2018 Pinstripe Preview: Giancarlo Stanton

The Yankees will head into this years’ spring training with considerably more hype and buzz than previous years. The Yankees look different now than they did in any other time in recent memory. The roster is loaded with young players and budding stars but for the first time in several years, the Yankees will feature a bonafide superstar in the middle of their lineup in Giancarlo Stanton. Stanton is as fearsome a hitter as you’ll find in MLB and is coming off season in which he won the National League MVP award. He will now join Aaron Judge and Gary Sanchez in the middle of what should be a really fun lineup to watch every day. For the cost of just Starlin Castro and a few lower level prospects, Stanton will now call Yankee Stadium home.

Credit: NYPost.com/Getty Images
2017 Review
Stanton put on one heck of a show at the plate in 2017, smashing 59 home runs while posting a .281 batting average with 132 RBI, a .376 OBP and a .631 slugging percentage. For his efforts he was rewarded with the NL MVP, a Silver Slugger award and his fourth career All-Star appearance. He set career best marks for home runs, hits, runs scored, doubles and RBI and his 59 home runs were the most in single season since Barry Bonds hit 73 in 2003. Stanton has displayed frightening power at the plate for his whole career and last season it all came together for him as he turned in a career year. The Yankees can only hope he continues to put up years like that going forward.

Stanton’s work in the field gets far less attention than his work at the plate but he is a solid fielder. He is a right fielder by trade like Aaron Judge, and like Judge, he has a big frame but moves well for his size and has a strong arm. In 2017, he started 149 games in right field and made just four errors while posting a .988 fielding percentage with nine assists. We will see going forward how much time Stanton will actually see in the Yankees’ outfield, but he will not be a liability when he takes the field.

There has been some concern for Stanton throughout his career in regard to injury and that is definitely warranted, especially considering the size of his contract going forward. Stanton has a big, athletic build but that has not stopped from him being bitten by the injury bug. Over the years he has missed large chunks of time with, among other things, a broken hand in 2015, a broken jaw after being hit in the face by a pitch in 2014, as well as injuries to his groin, abdominal, knee, hamstrings, quadriceps and shoulder in the years prior. He is coming off of a year where played a career high in games and was finally able to stay on the field and coming to a team that might not feel a great sense of urgency to put him in the field. Although he is a solid fielder, Stanton is perhaps the third or fourth best outfielder on the Yankees. Because of that, the team will likely be able to mix and match his appearances in the field with regular appearances at DH to keep him fresh. Stanton’s contract represents a significant investment and it will only pay off if he remains on the field.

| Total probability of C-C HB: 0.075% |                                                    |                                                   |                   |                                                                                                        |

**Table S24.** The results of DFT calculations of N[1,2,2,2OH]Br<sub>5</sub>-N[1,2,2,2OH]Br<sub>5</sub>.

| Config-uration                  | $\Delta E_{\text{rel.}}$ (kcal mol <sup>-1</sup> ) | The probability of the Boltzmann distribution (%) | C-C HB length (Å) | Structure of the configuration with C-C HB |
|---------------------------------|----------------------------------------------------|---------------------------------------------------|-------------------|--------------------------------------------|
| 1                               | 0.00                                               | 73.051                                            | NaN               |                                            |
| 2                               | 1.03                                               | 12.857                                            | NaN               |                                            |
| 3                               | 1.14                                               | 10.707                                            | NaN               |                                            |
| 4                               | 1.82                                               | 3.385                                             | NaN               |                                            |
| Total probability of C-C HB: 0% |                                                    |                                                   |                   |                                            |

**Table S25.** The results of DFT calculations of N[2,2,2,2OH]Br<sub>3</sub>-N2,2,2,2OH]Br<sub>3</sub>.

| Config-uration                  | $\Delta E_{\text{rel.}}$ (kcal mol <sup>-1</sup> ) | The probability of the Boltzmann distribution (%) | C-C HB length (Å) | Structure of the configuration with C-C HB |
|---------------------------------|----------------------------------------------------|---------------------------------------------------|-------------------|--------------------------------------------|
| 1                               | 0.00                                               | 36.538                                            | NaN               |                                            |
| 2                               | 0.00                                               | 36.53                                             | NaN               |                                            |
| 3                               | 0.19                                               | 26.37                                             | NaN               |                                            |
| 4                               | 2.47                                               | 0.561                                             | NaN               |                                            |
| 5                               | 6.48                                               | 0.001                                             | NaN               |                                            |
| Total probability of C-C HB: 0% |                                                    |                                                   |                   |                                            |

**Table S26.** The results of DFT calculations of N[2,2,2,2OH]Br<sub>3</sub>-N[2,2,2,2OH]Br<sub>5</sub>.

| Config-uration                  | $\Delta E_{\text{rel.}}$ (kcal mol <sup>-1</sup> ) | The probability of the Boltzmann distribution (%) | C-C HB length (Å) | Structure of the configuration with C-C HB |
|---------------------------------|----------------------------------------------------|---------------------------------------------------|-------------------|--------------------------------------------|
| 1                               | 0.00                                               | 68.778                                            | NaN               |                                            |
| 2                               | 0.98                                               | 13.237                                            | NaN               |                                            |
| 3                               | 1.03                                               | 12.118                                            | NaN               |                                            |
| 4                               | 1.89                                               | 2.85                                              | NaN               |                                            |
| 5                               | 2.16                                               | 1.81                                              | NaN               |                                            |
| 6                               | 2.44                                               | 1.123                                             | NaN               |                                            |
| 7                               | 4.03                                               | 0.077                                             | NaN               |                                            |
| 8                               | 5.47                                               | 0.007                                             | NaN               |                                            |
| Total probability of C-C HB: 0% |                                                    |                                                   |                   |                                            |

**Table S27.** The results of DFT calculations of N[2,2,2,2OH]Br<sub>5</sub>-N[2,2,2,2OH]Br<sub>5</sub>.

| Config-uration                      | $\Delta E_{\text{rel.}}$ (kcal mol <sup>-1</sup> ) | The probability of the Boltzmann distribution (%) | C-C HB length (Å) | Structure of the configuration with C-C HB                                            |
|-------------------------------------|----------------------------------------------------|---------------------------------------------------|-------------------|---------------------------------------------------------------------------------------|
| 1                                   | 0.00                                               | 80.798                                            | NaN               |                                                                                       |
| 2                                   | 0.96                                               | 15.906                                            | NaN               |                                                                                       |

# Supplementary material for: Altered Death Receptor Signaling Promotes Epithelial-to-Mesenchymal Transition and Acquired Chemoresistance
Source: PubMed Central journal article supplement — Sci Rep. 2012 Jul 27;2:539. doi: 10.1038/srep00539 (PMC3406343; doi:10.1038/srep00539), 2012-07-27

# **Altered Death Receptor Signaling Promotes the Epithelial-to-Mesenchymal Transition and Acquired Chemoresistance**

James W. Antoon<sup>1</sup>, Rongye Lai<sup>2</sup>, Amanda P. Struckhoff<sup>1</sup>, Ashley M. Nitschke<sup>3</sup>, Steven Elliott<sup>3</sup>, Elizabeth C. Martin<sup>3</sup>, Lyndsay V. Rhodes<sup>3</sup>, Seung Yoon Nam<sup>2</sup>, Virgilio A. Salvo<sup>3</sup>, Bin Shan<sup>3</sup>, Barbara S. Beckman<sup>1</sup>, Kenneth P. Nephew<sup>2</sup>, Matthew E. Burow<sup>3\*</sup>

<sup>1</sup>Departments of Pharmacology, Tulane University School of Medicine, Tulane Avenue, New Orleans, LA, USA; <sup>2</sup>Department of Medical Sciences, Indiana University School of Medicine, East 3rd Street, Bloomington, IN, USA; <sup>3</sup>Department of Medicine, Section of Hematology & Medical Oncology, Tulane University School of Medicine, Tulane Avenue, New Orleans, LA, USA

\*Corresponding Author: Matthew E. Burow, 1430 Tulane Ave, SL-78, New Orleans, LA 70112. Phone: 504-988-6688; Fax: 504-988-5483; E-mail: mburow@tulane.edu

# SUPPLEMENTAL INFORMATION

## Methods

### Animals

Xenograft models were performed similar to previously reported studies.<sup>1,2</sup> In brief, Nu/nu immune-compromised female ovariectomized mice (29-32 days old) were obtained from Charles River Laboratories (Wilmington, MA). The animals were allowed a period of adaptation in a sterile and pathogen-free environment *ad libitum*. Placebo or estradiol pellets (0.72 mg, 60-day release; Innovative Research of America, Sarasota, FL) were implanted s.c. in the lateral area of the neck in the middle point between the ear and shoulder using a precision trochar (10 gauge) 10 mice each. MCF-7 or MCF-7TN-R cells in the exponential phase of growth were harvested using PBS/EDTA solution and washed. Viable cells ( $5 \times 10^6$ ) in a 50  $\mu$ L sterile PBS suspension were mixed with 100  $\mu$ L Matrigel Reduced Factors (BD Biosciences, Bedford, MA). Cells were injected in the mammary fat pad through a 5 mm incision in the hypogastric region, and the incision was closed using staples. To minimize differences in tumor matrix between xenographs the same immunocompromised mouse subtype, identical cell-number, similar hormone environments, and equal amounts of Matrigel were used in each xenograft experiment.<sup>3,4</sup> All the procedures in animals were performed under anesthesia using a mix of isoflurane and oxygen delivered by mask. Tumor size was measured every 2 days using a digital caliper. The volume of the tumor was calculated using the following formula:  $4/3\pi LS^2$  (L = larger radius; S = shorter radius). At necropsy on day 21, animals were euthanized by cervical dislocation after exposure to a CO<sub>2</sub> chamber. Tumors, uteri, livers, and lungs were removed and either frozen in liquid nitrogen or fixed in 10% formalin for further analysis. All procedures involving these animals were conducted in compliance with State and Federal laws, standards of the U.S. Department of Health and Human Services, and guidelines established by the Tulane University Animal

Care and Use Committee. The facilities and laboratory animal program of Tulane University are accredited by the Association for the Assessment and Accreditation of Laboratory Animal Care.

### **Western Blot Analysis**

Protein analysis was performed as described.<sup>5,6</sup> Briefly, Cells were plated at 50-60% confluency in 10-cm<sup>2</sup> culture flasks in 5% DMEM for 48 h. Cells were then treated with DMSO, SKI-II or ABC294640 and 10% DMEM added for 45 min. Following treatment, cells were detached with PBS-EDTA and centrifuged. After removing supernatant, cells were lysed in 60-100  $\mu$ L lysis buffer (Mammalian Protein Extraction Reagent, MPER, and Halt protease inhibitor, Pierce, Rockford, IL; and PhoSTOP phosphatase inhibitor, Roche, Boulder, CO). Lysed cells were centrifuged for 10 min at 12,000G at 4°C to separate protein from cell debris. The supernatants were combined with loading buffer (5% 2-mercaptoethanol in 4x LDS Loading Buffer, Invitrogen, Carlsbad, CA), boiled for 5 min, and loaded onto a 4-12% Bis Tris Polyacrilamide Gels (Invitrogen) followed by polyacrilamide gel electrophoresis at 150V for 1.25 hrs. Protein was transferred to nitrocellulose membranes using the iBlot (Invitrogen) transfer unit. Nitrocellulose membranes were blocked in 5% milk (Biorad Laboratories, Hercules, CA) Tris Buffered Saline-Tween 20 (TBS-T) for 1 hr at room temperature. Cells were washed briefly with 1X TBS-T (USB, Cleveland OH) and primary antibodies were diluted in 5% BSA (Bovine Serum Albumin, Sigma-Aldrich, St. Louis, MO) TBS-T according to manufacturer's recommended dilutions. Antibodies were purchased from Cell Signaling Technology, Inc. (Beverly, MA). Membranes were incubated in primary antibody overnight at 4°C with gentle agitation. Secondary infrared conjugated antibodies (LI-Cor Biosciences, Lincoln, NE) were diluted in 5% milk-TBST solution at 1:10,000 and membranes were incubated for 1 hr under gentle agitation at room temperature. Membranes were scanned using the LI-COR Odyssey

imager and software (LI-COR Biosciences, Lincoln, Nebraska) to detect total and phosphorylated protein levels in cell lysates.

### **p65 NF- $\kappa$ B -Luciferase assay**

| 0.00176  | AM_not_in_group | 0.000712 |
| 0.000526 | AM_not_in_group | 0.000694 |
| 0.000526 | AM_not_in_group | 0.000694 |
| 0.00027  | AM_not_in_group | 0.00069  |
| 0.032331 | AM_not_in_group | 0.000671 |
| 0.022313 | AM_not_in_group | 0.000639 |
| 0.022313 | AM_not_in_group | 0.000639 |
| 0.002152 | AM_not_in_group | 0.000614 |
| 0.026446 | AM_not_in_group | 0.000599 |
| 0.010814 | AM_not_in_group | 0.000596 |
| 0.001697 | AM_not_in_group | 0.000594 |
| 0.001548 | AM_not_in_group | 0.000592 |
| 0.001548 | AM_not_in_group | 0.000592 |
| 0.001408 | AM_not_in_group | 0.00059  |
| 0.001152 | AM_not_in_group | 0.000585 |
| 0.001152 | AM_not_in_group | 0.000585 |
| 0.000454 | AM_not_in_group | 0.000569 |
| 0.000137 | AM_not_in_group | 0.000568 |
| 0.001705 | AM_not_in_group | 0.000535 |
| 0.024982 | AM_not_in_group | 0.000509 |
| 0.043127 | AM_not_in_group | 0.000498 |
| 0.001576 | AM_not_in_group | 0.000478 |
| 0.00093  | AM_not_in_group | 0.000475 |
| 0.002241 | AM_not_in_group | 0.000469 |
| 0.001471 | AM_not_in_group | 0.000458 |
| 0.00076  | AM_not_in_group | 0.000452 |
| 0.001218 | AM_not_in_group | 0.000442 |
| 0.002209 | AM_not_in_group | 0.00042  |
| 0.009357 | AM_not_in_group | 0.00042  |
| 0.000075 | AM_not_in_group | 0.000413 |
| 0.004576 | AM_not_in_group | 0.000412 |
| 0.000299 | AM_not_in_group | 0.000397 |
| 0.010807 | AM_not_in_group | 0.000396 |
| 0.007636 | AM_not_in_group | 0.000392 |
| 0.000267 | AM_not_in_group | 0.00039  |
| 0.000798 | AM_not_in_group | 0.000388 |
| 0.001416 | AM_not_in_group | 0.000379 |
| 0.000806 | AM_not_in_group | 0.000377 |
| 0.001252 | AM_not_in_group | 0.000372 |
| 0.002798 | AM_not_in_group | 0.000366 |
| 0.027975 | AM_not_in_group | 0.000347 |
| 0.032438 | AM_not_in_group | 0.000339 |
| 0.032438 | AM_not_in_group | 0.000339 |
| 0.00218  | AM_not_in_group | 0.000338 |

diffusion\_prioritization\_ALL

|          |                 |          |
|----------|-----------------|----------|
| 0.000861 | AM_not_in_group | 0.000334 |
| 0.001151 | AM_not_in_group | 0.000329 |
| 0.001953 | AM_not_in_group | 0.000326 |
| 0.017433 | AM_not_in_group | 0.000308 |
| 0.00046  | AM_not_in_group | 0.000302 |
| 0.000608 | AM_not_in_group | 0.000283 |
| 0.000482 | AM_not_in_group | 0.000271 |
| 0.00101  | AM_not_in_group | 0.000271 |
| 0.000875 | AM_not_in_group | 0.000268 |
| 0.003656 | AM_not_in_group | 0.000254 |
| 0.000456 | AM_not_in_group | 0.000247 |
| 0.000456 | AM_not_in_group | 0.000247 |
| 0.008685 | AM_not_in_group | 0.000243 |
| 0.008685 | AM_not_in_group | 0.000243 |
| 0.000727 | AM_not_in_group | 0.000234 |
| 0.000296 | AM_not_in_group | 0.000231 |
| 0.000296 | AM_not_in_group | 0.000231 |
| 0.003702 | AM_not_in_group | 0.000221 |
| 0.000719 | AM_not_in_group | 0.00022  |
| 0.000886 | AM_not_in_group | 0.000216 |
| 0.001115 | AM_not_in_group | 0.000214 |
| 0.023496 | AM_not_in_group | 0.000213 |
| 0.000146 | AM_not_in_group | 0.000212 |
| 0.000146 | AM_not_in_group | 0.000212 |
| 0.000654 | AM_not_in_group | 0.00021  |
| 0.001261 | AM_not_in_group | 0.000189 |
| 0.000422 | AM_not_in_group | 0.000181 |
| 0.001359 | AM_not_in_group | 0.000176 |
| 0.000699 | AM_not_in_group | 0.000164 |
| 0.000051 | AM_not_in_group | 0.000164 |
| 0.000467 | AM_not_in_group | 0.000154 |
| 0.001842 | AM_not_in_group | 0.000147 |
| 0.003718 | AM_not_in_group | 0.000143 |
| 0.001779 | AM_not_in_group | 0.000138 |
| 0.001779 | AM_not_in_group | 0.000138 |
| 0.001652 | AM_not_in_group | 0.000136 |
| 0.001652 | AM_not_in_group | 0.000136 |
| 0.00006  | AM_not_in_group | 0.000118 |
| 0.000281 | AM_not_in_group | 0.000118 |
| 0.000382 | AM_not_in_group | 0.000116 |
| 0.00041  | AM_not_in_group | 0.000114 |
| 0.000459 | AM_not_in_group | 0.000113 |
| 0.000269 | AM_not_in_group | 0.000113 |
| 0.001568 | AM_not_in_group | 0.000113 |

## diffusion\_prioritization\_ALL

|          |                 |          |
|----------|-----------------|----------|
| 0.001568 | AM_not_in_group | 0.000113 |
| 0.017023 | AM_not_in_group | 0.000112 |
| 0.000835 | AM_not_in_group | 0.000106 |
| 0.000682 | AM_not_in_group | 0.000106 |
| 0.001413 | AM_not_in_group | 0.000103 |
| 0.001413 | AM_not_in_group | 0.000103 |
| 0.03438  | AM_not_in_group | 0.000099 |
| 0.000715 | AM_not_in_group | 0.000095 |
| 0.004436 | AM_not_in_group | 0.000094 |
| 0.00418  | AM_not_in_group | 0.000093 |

2018 Preview

Coming off his epic 2017 season and stepping into the middle of the Yankee lineup, the expectations for Stanton and this Yankee team will be high. If Stanton is able to repeat his 2017 season and play the majority of the games, then he will likely put on a show again this year. The ability to make regular appearances at DH will be a new and welcome option for Stanton and the Yankees will probably take advantage of that with both Stanton and Judge. Both are capable outfielders and should prove to be fairly interchangeable. Based on his career thus far, Stanton will probably good for a batting average of at least .260-.270 with around 35-40 homers. You might think that number is a little low, but Yankee Stadium should be a very friendly park for Stanton to hit in and I’m prepared to be wrong on that one. As long as he stays on the field, Giancarlo Stanton will be a force in the middle of the Yankee lineup and well worth the price of admission.  


Article by Matt Graziano

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